Pseudis paradoxa

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Pseudis paradoxa
Pseudis paradoxa01a.jpg
Scientific classification
Kingdom: Animalia
Phylum: Chordata
Class: Amphibia
Order: Anura
Family: Hylidae
Genus: Pseudis
Species: P. paradoxa
Binomial name
Pseudis paradoxa
(Linnaeus, 1758)

Pseudis paradoxa, known as the paradoxical frog or shrinking frog, is a species of hylid frog from South America.[2] Its name refers to the very large—up to 25 cm (10 in) long—tadpole (typical of the Pseudis genus), which in turn becomes an ordinary-sized frog, only about a quarter of its former length.[3]

Pseudis paradoxa is green coloured with dark green or olive stripes. It inhabits ponds, lakes and lagoons from northern Argentina, through the Pantanal, Amazon and the Guianas, to Venezuela and Trinidad, with a disjunct distribution in the Magdalena River watershed in Colombia and adjacent far western Venezuela. The female frog lays eggs among water plants; the eggs develop into giant tadpoles.

These amphibians feed on larvae, small insects, and tiny invertebrates. The frog is a nocturnal animal and spends most of its life in water. When threatened, the frog uses its strong toes with an extra joint to stir up the muddy bottom and hide. The frog also uses this mechanism to find food on the bottom of lakes and ponds.

In March 2008, scientists working from the Universities of Ulster and United Arab Emirates released findings of a study on pseudin-2, a skin compound which protects the paradoxical frog from infection.[4] This work found that a synthetic version of this compound was able to stimulate the secretion of insulin in pancreatic cells under laboratory conditions without toxicity to the cells.[5] As such, this synthetic medicine could be used in the treatment of Type 2 diabetes.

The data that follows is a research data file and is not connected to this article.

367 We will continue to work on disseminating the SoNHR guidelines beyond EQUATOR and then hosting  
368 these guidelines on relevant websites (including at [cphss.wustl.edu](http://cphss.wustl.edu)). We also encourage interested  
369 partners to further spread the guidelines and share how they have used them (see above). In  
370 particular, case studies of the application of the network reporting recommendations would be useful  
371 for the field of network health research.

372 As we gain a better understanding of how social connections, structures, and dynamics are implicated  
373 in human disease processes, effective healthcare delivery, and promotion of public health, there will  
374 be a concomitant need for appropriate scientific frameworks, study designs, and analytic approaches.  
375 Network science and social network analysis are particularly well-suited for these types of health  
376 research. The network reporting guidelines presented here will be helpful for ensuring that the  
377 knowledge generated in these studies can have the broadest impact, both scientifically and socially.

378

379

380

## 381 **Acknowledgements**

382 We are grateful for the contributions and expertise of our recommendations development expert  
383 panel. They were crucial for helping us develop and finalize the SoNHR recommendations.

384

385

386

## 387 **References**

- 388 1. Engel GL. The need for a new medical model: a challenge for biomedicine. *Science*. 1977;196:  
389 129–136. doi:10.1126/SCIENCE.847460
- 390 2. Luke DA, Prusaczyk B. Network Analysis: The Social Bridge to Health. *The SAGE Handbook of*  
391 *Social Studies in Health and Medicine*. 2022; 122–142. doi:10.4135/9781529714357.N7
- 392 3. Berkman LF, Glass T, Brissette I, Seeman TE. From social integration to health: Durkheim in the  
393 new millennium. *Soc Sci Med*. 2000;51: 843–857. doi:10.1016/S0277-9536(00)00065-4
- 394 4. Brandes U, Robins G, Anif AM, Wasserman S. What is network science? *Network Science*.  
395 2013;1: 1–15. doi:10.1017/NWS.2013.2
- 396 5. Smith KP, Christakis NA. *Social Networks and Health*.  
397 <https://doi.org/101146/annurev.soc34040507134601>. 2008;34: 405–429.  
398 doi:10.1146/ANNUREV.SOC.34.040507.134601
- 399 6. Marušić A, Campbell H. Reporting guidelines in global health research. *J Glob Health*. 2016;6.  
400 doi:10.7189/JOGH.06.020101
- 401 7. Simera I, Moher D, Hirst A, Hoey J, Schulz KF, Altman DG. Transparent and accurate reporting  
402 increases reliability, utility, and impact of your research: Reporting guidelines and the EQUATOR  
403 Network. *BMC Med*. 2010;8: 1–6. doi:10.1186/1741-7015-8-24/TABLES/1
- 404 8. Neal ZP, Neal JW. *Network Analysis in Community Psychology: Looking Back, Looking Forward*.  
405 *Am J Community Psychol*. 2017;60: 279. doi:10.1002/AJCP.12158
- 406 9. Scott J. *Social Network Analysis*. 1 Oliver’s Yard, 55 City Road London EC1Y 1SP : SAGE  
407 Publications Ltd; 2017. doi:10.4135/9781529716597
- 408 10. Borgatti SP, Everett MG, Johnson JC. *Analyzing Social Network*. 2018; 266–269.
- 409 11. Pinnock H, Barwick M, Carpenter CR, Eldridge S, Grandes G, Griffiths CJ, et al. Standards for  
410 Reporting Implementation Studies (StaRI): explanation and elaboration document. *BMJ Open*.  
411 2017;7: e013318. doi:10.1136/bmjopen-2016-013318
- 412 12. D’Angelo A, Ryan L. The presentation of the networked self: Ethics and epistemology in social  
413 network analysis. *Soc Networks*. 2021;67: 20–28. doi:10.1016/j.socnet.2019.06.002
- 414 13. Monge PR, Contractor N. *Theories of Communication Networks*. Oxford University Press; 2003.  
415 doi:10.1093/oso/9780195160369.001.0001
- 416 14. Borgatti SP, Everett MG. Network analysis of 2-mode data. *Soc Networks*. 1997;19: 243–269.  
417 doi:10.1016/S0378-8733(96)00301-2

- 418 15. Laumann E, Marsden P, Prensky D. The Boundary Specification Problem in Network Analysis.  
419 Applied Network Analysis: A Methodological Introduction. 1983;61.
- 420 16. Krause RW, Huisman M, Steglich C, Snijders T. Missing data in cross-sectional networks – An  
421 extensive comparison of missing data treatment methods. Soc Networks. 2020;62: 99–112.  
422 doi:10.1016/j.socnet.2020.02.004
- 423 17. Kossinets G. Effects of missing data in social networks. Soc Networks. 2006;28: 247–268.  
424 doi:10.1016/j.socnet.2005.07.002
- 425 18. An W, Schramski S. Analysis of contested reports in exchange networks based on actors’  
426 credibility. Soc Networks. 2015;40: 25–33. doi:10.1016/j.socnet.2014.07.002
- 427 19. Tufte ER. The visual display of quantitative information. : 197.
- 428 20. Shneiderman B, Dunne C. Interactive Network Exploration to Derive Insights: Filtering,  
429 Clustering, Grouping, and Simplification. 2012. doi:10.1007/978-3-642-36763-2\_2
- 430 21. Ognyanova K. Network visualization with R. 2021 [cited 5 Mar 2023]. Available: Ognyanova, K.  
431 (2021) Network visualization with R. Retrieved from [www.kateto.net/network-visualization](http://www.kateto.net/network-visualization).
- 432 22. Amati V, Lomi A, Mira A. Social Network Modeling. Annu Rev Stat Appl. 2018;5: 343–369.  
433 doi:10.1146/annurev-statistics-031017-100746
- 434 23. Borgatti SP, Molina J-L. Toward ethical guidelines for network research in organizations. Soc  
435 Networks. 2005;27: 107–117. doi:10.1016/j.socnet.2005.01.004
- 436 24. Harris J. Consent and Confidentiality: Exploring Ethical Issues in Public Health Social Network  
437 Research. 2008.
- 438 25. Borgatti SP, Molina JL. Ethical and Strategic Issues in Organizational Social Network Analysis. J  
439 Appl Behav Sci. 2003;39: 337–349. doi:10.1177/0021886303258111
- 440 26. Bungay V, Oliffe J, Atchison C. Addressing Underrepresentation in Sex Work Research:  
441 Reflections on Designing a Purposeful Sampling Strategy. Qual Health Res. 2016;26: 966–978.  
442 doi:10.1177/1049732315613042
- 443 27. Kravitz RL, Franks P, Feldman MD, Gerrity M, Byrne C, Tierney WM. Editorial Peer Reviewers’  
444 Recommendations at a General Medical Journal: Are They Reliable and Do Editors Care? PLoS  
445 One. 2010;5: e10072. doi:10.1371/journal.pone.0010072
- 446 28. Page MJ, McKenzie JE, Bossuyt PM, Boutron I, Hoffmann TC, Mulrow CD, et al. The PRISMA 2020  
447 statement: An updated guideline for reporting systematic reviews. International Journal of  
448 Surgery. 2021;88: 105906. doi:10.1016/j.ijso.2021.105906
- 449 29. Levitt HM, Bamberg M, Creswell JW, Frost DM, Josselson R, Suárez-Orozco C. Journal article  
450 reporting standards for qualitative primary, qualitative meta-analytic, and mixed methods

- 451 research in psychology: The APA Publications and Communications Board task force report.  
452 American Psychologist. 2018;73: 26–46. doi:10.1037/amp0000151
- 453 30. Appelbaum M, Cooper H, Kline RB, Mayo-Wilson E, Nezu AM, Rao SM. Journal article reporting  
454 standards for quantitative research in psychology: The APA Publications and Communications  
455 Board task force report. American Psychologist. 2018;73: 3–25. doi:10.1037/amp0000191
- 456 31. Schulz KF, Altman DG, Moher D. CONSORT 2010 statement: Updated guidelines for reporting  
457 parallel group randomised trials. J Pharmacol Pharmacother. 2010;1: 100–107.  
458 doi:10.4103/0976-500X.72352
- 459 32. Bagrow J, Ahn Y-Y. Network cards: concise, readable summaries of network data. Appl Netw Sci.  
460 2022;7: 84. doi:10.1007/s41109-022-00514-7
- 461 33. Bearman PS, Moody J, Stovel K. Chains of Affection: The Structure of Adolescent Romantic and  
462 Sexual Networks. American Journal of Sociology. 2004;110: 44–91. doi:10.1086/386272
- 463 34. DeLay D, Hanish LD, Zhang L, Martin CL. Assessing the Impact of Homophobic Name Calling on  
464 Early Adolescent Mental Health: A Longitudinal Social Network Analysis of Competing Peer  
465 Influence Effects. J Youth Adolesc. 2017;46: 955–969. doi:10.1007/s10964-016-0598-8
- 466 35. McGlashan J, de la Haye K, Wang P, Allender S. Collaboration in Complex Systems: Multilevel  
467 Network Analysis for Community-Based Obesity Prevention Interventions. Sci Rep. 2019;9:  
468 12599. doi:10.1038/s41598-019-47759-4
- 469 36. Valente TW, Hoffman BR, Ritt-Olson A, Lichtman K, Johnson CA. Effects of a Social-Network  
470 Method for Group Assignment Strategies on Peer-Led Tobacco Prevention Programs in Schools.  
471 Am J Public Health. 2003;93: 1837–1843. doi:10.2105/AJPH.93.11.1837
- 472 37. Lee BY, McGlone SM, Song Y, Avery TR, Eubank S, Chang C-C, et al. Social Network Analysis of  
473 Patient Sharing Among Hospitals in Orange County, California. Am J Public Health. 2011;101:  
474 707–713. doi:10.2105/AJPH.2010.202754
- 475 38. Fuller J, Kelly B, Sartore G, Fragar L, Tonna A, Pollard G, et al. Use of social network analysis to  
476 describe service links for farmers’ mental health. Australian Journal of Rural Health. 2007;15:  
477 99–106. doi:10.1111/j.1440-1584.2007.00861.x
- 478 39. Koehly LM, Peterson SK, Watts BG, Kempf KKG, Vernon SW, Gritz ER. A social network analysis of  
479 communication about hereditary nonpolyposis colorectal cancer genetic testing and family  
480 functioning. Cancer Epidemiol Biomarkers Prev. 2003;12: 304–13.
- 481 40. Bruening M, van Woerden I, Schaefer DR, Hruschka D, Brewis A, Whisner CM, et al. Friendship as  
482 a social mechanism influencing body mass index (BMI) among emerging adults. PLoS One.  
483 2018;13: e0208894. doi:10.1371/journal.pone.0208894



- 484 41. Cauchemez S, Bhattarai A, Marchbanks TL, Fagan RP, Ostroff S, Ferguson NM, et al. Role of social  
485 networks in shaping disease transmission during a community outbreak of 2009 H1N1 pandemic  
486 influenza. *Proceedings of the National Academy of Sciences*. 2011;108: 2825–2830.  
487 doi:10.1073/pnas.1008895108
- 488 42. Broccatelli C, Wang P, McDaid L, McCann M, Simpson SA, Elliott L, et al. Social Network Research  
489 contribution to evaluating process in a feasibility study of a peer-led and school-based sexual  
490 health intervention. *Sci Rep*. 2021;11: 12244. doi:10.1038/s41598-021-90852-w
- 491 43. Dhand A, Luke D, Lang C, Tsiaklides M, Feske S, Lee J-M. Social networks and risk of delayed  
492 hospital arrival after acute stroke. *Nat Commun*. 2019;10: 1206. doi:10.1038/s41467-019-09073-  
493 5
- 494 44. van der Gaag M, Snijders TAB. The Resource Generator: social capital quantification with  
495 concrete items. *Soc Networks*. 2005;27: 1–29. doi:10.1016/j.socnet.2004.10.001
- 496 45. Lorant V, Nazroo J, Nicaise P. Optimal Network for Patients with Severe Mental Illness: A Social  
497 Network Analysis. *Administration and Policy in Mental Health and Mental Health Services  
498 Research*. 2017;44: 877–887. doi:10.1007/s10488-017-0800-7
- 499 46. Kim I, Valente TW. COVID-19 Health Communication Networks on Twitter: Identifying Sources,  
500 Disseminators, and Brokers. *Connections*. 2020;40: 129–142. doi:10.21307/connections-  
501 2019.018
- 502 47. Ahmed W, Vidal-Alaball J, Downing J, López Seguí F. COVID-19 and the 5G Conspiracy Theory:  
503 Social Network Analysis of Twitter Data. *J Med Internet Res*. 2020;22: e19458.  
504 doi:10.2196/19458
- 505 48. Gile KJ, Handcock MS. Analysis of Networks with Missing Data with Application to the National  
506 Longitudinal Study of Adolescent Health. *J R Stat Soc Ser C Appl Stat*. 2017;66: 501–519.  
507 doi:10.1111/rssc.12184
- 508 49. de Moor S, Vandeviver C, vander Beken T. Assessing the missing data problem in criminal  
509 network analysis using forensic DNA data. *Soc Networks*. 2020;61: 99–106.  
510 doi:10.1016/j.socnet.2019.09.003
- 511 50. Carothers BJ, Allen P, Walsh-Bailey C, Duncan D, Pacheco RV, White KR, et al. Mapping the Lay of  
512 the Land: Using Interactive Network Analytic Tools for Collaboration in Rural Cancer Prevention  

In the media[edit]

In his book Three Singles to Adventure, Gerald Durrell mentions collecting the tadpoles of the paradoxical frog.

The British quiz show QI, hosted by Stephen Fry, claimed this frog was the only animal to have babies larger than the parent.[6] Apart from the fact that no species could survive such an energy debt in reproducing, in a number of species, the young grow to be larger, or to have more body mass, in adolescence than in maturity, including species with a chrysalis form and oceanic species which cease to be mobile, with the newly sessile form absorbing various body parts from its previous incarnation.[citation needed]


  1. ^ Ariadne Angulo; Diego Baldo (2010). "Pseudis paradoxa". IUCN Red List of Threatened Species. Version 2011.2. International Union for Conservation of Nature. Retrieved 9 April 2012. 
  2. ^ Frost, Darrel R. (2013). "Pseudis paradoxa (Linnaeus, 1758)". Amphibian Species of the World 5.6, an Online Reference. American Museum of Natural History. Retrieved 24 October 2013. 
  3. ^ Emerson, S. B. (1988). "The giant tadpole of Pseudis paradoxa". Biological Journal of the Linnean Society. 34 (2): 93–104. doi:10.1111/j.1095-8312.1988.tb01951.x. 
  4. ^ Abdel-Wahab, Y.H.A.; Power, G.J.; Ng, M.T.; Flatt, P.R.; Conlon, J.M. (2008). "Insulin-releasing properties of the frog skin peptide pseudin-2 and its [Lys18]-substituted analogue". Biological Chemistry. 389 (2): 143–148. doi:10.1515/BC.2008.018. PMID 18163889. 
  5. ^ "Health | Frog skin diabetes treatment hope". BBC News. 2008-03-03. Retrieved 2013-10-09. 
  6. ^ "Descendants". QI. Season D. Episode 8. 10 November 2006. 

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